Invasion of Privacy Law and Legal Definition
Invasion of privacy is the intrusion into the personal life of another, without just cause, which can give the person whose privacy has been invaded a right to bring a lawsuit for damages against the person or entity that intruded. It encompasses workplace monitoring, Internet privacy, data collection, and other means of disseminating private information.
Celebrities are not protected in most situations, since they have voluntarily placed themselves already within the public eye, and their activities are considered newsworthy. However, an otherwise non-public individual has a right to privacy from: a) intrusion on one's solitude or into one's private affairs; b) public disclosure of embarrassing private information; c) publicity which puts him/her in a false light to the public; d) appropriation of one's name or picture for personal or commercial advantage.
The Supreme Court has ruled that there is a limited constitutional right of privacy based on a number of provisions in the Bill of Rights and subsequent amendments. This includes a right to privacy from government surveillance into an area where a person has a "reasonable expectation of privacy" and also in matters relating to marriage, procreation, contraception, family relationships, child rearing and education. However, records held by third parties such as financial records or telephone calling records are generally not protected unless a specific federal law applies. The court has also recognized a right of anonymity and the right of groups to not have to disclose their members' names to government agencies.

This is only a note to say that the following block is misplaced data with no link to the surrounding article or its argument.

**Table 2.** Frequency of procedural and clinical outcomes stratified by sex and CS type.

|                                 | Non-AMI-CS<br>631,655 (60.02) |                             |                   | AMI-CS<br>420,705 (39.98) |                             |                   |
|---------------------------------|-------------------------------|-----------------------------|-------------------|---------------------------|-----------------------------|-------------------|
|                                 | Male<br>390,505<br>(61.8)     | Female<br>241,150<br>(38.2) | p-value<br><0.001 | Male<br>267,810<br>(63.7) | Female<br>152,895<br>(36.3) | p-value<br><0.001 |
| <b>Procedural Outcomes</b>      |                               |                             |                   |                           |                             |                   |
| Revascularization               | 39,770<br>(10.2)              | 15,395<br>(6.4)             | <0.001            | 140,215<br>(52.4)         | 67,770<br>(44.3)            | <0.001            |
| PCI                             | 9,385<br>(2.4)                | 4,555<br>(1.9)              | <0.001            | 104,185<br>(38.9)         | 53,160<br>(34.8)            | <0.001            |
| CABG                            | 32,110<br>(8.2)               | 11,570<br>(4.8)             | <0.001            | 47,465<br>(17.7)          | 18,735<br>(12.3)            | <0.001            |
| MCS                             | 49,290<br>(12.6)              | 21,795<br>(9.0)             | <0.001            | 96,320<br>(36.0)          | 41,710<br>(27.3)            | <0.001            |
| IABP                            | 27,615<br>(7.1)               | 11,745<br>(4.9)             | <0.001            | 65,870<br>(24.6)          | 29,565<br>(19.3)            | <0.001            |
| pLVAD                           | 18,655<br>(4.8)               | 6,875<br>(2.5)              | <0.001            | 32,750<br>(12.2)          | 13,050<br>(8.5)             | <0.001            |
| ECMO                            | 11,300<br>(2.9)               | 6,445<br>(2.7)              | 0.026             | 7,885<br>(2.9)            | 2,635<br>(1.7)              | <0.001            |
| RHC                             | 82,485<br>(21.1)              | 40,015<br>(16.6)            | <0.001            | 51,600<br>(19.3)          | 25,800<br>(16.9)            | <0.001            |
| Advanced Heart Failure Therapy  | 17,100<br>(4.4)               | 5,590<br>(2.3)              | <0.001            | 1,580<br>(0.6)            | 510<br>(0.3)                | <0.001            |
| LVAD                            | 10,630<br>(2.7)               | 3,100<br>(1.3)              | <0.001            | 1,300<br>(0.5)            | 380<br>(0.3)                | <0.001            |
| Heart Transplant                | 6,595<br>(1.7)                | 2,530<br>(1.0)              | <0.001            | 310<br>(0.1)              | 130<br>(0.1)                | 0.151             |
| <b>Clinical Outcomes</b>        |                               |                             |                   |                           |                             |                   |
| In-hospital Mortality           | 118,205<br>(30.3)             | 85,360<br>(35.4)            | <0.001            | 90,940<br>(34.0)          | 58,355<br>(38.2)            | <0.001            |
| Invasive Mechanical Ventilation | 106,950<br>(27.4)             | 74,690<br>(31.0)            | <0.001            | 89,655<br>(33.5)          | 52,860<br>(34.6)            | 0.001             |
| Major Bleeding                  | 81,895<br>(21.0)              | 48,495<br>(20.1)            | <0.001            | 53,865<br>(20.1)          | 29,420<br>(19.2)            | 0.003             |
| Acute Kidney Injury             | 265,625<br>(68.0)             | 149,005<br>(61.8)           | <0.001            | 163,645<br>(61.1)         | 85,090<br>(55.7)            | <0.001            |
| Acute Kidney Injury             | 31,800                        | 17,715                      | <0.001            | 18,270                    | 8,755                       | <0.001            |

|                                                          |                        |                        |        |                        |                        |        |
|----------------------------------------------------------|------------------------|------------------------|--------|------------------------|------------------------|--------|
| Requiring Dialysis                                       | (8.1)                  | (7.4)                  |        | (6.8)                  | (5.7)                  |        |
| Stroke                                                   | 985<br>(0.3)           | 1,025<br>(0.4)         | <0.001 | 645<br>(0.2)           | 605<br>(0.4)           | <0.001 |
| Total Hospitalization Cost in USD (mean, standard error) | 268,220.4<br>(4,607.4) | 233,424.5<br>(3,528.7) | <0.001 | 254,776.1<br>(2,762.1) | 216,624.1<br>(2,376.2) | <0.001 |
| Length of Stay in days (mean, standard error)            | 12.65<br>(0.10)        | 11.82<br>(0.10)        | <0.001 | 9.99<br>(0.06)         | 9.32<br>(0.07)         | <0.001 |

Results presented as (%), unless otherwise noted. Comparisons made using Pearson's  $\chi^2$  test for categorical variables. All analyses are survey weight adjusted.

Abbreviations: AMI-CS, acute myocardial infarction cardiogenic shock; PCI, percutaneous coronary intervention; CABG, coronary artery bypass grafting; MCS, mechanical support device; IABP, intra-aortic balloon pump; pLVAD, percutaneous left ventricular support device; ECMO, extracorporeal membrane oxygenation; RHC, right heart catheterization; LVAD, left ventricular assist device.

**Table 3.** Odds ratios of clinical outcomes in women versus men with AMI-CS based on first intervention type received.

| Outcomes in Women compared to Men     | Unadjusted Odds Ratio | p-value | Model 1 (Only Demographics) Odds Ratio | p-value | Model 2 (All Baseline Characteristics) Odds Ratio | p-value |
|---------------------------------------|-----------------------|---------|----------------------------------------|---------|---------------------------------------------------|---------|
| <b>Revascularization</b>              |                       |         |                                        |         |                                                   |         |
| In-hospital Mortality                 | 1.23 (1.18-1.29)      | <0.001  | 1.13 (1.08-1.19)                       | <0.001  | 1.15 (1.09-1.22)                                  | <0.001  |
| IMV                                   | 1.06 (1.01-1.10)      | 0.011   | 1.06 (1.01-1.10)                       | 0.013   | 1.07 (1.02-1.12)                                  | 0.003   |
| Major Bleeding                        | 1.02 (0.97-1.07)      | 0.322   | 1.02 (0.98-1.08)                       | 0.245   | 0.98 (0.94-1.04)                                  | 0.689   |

The criminal voyeurism statute of some states cover "a place where [one] would have a reasonable expectation of privacy", meaning:
- A place where a reasonable person would believe that he or she could disrobe in privacy, without being concerned that his or her undressing was being photographed or filmed by another; or
- A place where one may reasonably expect to be safe from casual or hostile intrusion or surveillance.
Given the similarity to voyeurism, a jury might find that placing a hidden camera in a certain location may amount to the torts of outrage or negligent infliction of emotional distress.